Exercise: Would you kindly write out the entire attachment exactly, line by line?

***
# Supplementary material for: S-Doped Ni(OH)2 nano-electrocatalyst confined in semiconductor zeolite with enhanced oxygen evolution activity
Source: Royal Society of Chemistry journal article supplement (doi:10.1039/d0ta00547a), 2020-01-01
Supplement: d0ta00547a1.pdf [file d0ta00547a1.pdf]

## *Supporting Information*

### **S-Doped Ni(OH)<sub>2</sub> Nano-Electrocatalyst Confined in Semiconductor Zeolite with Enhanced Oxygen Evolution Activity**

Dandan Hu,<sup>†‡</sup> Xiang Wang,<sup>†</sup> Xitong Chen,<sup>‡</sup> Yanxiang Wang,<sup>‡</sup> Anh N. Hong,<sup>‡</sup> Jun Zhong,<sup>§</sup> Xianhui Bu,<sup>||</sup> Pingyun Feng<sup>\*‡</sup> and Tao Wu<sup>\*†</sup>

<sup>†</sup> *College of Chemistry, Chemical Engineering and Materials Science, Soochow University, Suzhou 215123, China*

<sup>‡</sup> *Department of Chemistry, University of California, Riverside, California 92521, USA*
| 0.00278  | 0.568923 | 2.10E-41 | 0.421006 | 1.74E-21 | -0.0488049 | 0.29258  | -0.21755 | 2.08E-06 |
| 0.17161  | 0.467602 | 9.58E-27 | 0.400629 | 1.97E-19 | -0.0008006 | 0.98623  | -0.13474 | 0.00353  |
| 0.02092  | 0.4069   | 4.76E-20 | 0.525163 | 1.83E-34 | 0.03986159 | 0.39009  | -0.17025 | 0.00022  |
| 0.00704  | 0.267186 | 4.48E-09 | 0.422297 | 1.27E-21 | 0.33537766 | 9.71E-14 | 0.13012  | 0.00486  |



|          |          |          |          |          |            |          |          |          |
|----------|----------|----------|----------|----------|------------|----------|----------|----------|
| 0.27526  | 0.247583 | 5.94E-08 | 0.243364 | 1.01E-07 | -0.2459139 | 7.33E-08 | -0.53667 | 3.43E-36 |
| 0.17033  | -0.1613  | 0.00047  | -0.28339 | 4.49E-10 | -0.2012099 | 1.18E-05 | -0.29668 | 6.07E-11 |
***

# Supplementary material for: S-Doped Ni(OH)2 nano-electrocatalyst confined in semiconductor zeolite with enhanced oxygen evolution activity
Source: Royal Society of Chemistry journal article supplement (doi:10.1039/d0ta00547a), 2020-01-01
Supplement: d0ta00547a1.pdf [file d0ta00547a1.pdf]

## *Supporting Information*

### **S-Doped Ni(OH)<sub>2</sub> Nano-Electrocatalyst Confined in Semiconductor Zeolite with Enhanced Oxygen Evolution Activity**

Dandan Hu,<sup>†‡</sup> Xiang Wang,<sup>†</sup> Xitong Chen,<sup>‡</sup> Yanxiang Wang,<sup>‡</sup> Anh N. Hong,<sup>‡</sup> Jun Zhong,<sup>§</sup> Xianhui Bu,<sup>||</sup> Pingyun Feng<sup>\*‡</sup> and Tao Wu<sup>\*†</sup>

<sup>†</sup> *College of Chemistry, Chemical Engineering and Materials Science, Soochow University, Suzhou 215123, China*

<sup>‡</sup> *Department of Chemistry, University of California, Riverside, California 92521, USA*
| 0.00278  | 0.568923 | 2.10E-41 | 0.421006 | 1.74E-21 | -0.0488049 | 0.29258  | -0.21755 | 2.08E-06 |
| 0.17161  | 0.467602 | 9.58E-27 | 0.400629 | 1.97E-19 | -0.0008006 | 0.98623  | -0.13474 | 0.00353  |
| 0.02092  | 0.4069   | 4.76E-20 | 0.525163 | 1.83E-34 | 0.03986159 | 0.39009  | -0.17025 | 0.00022  |
| 0.00704  | 0.267186 | 4.48E-09 | 0.422297 | 1.27E-21 | 0.33537766 | 9.71E-14 | 0.13012  | 0.00486  |



|          |          |          |          |          |            |          |          |          |
|----------|----------|----------|----------|----------|------------|----------|----------|----------|
| 0.27526  | 0.247583 | 5.94E-08 | 0.243364 | 1.01E-07 | -0.2459139 | 7.33E-08 | -0.53667 | 3.43E-36 |
| 0.17033  | -0.1613  | 0.00047  | -0.28339 | 4.49E-10 | -0.2012099 | 1.18E-05 | -0.29668 | 6.07E-11 |